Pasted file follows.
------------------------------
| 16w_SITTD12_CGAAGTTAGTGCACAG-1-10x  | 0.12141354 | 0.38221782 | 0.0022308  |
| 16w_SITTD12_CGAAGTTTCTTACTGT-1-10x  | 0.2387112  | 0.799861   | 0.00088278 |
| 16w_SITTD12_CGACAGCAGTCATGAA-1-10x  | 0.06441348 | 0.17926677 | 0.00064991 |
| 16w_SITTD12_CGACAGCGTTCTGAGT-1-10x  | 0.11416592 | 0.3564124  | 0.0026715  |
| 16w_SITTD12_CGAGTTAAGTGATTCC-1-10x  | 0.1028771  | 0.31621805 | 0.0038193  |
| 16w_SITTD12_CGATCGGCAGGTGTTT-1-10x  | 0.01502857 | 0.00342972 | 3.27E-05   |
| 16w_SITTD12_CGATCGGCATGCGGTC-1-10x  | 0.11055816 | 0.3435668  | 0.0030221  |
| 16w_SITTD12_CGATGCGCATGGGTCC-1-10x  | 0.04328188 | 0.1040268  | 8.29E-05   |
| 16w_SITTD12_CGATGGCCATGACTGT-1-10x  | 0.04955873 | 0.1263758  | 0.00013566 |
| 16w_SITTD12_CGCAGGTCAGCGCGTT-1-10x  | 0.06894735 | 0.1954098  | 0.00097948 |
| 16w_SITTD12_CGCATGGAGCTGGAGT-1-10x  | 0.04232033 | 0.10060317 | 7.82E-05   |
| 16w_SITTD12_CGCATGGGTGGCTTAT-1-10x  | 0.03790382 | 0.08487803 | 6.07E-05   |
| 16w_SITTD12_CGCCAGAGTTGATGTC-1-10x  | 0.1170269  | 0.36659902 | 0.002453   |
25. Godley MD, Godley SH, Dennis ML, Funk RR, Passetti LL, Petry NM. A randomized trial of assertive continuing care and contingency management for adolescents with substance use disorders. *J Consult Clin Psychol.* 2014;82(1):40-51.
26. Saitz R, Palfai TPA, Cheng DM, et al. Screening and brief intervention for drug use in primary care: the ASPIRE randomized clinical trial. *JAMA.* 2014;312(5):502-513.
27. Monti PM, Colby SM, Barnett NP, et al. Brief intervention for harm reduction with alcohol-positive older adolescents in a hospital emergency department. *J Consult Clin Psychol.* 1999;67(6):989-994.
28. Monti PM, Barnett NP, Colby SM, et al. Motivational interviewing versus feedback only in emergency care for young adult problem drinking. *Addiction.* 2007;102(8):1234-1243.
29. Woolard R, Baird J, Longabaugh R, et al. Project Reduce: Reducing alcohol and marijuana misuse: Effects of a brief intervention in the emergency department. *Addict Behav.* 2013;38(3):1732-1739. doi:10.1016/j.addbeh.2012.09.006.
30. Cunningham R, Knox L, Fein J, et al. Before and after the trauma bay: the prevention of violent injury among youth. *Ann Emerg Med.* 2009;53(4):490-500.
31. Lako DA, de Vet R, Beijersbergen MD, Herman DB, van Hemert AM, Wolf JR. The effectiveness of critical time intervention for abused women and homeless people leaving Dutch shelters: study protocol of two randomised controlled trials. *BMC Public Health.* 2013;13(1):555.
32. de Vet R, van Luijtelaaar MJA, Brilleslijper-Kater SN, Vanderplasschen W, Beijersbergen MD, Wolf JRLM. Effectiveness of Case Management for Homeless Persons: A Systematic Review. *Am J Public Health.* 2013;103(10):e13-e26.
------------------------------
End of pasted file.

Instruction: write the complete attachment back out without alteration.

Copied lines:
| 16w_SITTD12_CGAAGTTAGTGCACAG-1-10x  | 0.12141354 | 0.38221782 | 0.0022308  |
| 16w_SITTD12_CGAAGTTTCTTACTGT-1-10x  | 0.2387112  | 0.799861   | 0.00088278 |
| 16w_SITTD12_CGACAGCAGTCATGAA-1-10x  | 0.06441348 | 0.17926677 | 0.00064991 |
| 16w_SITTD12_CGACAGCGTTCTGAGT-1-10x  | 0.11416592 | 0.3564124  | 0.0026715  |
| 16w_SITTD12_CGAGTTAAGTGATTCC-1-10x  | 0.1028771  | 0.31621805 | 0.0038193  |
| 16w_SITTD12_CGATCGGCAGGTGTTT-1-10x  | 0.01502857 | 0.00342972 | 3.27E-05   |
| 16w_SITTD12_CGATCGGCATGCGGTC-1-10x  | 0.11055816 | 0.3435668  | 0.0030221  |
| 16w_SITTD12_CGATGCGCATGGGTCC-1-10x  | 0.04328188 | 0.1040268  | 8.29E-05   |
| 16w_SITTD12_CGATGGCCATGACTGT-1-10x  | 0.04955873 | 0.1263758  | 0.00013566 |
| 16w_SITTD12_CGCAGGTCAGCGCGTT-1-10x  | 0.06894735 | 0.1954098  | 0.00097948 |
| 16w_SITTD12_CGCATGGAGCTGGAGT-1-10x  | 0.04232033 | 0.10060317 | 7.82E-05   |
| 16w_SITTD12_CGCATGGGTGGCTTAT-1-10x  | 0.03790382 | 0.08487803 | 6.07E-05   |
| 16w_SITTD12_CGCCAGAGTTGATGTC-1-10x  | 0.1170269  | 0.36659902 | 0.002453   |
25. Godley MD, Godley SH, Dennis ML, Funk RR, Passetti LL, Petry NM. A randomized trial of assertive continuing care and contingency management for adolescents with substance use disorders. *J Consult Clin Psychol.* 2014;82(1):40-51.
26. Saitz R, Palfai TPA, Cheng DM, et al. Screening and brief intervention for drug use in primary care: the ASPIRE randomized clinical trial. *JAMA.* 2014;312(5):502-513.
27. Monti PM, Colby SM, Barnett NP, et al. Brief intervention for harm reduction with alcohol-positive older adolescents in a hospital emergency department. *J Consult Clin Psychol.* 1999;67(6):989-994.
28. Monti PM, Barnett NP, Colby SM, et al. Motivational interviewing versus feedback only in emergency care for young adult problem drinking. *Addiction.* 2007;102(8):1234-1243.
29. Woolard R, Baird J, Longabaugh R, et al. Project Reduce: Reducing alcohol and marijuana misuse: Effects of a brief intervention in the emergency department. *Addict Behav.* 2013;38(3):1732-1739. doi:10.1016/j.addbeh.2012.09.006.
30. Cunningham R, Knox L, Fein J, et al. Before and after the trauma bay: the prevention of violent injury among youth. *Ann Emerg Med.* 2009;53(4):490-500.
31. Lako DA, de Vet R, Beijersbergen MD, Herman DB, van Hemert AM, Wolf JR. The effectiveness of critical time intervention for abused women and homeless people leaving Dutch shelters: study protocol of two randomised controlled trials. *BMC Public Health.* 2013;13(1):555.
32. de Vet R, van Luijtelaaar MJA, Brilleslijper-Kater SN, Vanderplasschen W, Beijersbergen MD, Wolf JRLM. Effectiveness of Case Management for Homeless Persons: A Systematic Review. *Am J Public Health.* 2013;103(10):e13-e26.